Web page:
My dear brothers and sisters, to teach with authority, therefore, requires us that we teach with this ‘personal authority’.

In the first reading from the book of Deuteronomy (18:15-20), we see Moses, who gave the same laws to the people. But Moses was highly respected. The people did not always obey the laws, that is true, because of their weakness, but they respected him. Why? Because Moses was not just a friend of God, he was a man of God. They saw him as someone who was infused with the presence of God, not by what he thought, not by what he said, but by how he lived.

The Book of Exodus told us that Moses, he spoke to God “face to face”, as a friend (33:11). Moses was the one who journeyed with the people 40 years in the desert. Moses was the one who interceded for them whenever things went wrong, and God wanted to punish them. Moses was the one who fed them with manna in the desert when they were hungry, gave them water from the rock when they were thirsty. Moses was the one who was always with them, every step in their journey; he was living among them. That was how Moses was different from the scribes and that was how Jesus lived his life as a teacher.

 

Interestingly, in the Gospel, Jesus is portrayed as the second Moses, the new Moses, the real Moses. That is why the life of Jesus paralleled the life of Moses. Like Moses, Jesus was persecuted by the king. Like Moses, He fled to Egypt. Like Moses, He went up the mountain and He gave them the new law—at the sermon on the mount—the beatitudes. Like Moses, He gave them the new manna, the bread of life. Like Moses, Jesus, in John’s Gospel, is the living water (John 4:14).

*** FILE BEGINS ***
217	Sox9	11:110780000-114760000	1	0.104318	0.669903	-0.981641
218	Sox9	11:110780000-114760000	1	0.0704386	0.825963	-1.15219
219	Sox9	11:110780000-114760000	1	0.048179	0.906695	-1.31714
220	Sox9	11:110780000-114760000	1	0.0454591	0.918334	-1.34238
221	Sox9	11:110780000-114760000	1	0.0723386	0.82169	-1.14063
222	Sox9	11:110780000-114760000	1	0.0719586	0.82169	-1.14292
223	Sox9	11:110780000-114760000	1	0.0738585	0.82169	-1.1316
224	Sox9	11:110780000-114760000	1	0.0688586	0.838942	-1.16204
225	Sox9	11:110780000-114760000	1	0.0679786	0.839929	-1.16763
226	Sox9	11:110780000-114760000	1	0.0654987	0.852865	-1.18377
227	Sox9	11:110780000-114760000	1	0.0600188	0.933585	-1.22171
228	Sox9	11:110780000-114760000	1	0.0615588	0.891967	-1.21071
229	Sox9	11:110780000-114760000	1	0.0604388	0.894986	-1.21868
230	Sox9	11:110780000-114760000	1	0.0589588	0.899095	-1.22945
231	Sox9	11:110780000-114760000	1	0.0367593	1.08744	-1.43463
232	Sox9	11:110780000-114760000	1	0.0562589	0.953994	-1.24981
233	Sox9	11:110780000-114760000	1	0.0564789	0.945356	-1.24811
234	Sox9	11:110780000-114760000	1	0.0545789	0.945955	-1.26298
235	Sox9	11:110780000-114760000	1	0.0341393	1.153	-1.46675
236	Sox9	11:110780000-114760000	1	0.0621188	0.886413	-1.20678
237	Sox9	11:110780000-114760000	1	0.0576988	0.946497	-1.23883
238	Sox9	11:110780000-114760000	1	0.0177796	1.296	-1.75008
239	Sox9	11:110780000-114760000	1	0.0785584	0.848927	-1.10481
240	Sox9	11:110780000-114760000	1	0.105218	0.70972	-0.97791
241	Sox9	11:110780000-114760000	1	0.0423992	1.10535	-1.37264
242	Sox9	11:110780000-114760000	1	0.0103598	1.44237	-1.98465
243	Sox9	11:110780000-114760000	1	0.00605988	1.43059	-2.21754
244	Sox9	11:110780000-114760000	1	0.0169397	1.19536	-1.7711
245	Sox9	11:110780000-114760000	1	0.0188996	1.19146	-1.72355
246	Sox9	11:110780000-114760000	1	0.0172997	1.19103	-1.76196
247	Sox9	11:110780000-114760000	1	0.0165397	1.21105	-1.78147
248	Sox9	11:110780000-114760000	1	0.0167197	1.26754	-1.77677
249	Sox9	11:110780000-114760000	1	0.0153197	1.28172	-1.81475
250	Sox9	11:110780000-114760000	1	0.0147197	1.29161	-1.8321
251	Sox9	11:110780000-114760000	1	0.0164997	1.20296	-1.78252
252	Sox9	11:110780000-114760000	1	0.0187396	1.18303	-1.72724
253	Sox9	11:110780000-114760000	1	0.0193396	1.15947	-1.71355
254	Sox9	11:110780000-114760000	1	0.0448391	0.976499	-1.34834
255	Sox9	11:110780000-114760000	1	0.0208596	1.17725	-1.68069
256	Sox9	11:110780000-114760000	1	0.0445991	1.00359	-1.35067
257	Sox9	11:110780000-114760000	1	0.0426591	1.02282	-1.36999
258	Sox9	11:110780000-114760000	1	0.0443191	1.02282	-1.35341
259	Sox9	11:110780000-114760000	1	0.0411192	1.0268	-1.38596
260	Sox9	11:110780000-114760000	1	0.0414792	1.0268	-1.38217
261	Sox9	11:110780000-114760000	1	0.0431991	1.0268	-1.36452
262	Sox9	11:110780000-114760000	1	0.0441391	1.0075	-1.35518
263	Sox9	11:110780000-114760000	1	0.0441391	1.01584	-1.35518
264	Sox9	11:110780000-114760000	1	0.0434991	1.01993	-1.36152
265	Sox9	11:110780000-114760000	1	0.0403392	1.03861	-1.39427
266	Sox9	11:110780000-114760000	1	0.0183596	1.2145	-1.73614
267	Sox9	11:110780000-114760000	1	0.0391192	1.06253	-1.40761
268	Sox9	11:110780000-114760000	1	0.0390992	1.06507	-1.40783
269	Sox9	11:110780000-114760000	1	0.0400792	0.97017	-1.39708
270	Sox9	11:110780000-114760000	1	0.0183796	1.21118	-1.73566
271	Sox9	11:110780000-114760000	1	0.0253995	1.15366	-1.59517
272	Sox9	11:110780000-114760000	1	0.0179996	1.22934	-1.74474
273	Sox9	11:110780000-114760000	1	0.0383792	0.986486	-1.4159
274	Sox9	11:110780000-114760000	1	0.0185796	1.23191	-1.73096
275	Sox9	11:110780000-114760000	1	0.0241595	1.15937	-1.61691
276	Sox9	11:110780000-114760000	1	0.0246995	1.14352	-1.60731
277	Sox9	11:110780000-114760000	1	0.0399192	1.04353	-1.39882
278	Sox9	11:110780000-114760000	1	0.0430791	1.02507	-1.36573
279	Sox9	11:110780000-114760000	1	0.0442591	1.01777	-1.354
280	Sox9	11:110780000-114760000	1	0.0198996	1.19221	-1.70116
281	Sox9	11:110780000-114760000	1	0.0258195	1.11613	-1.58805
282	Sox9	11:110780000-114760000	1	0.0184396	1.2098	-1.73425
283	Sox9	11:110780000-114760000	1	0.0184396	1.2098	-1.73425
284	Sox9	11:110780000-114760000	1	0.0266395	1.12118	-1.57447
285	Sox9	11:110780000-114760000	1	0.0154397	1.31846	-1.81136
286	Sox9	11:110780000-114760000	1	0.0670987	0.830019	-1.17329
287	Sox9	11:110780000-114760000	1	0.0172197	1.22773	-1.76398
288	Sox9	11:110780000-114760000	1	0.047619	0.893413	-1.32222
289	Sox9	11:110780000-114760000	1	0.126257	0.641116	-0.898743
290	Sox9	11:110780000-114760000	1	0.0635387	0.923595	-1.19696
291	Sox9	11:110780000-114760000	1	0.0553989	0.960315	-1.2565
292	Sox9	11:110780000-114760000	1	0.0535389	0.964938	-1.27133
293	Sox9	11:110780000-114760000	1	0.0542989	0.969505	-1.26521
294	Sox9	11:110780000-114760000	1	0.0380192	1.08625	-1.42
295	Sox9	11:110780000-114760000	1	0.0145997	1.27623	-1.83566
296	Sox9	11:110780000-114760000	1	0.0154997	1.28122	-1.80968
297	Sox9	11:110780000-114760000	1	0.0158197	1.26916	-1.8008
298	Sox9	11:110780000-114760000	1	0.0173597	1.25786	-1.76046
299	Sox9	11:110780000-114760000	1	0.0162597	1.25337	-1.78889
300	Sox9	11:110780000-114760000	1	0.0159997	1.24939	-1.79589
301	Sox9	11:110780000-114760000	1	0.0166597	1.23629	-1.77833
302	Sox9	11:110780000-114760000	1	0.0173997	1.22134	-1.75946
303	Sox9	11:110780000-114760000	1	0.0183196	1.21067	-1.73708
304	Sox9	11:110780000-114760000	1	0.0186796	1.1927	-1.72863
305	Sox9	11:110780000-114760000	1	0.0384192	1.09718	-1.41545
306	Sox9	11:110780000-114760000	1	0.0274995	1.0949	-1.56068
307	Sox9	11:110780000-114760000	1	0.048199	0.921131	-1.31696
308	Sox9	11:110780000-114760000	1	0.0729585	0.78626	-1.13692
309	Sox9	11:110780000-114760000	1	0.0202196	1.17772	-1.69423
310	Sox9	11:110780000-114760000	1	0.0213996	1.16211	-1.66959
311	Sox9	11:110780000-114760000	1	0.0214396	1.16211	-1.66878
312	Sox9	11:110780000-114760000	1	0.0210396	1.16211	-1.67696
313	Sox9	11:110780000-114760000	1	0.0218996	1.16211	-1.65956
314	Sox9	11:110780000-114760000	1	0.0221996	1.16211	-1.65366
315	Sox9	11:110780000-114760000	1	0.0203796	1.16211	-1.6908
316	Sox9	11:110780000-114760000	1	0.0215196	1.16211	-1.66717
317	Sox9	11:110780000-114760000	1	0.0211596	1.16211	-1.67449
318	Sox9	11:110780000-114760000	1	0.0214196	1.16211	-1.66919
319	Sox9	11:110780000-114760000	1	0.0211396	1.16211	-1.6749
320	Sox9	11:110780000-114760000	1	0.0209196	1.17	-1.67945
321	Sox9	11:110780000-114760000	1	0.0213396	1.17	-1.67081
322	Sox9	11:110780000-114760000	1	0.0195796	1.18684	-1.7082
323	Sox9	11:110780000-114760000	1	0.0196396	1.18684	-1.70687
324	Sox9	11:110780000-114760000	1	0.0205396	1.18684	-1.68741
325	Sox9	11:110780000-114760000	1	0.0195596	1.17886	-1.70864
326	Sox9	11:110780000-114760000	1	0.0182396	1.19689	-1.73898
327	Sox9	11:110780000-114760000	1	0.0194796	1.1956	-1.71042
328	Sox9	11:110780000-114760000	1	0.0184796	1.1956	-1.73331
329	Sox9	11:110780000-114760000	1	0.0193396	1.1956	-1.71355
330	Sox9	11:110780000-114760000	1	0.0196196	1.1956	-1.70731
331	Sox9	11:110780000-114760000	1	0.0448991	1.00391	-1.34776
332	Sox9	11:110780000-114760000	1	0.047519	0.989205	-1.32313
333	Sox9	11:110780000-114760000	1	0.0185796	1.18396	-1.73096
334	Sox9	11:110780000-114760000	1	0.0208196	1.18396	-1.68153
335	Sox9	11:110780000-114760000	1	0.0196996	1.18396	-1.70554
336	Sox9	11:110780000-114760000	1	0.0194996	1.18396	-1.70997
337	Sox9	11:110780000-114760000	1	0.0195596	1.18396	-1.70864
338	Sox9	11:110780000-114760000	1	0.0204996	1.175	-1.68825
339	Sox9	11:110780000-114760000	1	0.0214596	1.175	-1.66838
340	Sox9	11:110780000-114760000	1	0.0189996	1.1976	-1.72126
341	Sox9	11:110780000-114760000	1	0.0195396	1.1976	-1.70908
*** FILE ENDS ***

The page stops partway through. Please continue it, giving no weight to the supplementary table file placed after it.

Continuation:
Jesus was one person who went about living with the people, healing the sick, carrying their sins and infirmities in his body. He was one with them. He knew the hunger, the thirst, the sufferings of the people that He ministered to. That was the reason why Jesus preached “with authority”, authority that they had never seen before.

In the Gospel [last week], when Jesus said to the disciples, “follow me” (Mark 1:17) and immediately they dropped their nets; they left their boats—Peter, Andrew, James and John—because it was a divine command. Jesus never asked, “would you like to follow me?”. “Follow me”! And they saw in Jesus the divine presence; this is why they followed Him.

Into today’s Gospel, even the evil spirit recognised the divine presence in Jesus. Jesus was only teaching in the synagogue. He was not trying to exorcise anybody! It was the devil who said, “You are the Son of God, the Holy One of God”, because they could not withstand His divine presence, that was the kind of authority that exuded from Jesus.

This is our challenge today: would our students, would our staff, see us a man and woman of authority? Not by what we say, but by our very presence. [This] is very important [for] educators and leaders, because in the final analysis, a true prophet is not so much seen by his teaching, is by his way of life: walking the talk, showing the way, being true to what we believe in.

That’s why, if you as an educator, are not convinced of what you are doing, you are in the wrong job. Don’t stay. Don’t waste people’s time, don’t waste your time. It’ll be a chore. You will be a burden. You must live and breathe this vocation that the Lord has given to you. You must be utterly convinced that what you are doing will make a difference in the lives of many people, and you will be excited, you’ll be passionate, you’ll be enthusiastic, and you’ll give hope to those being taught by you.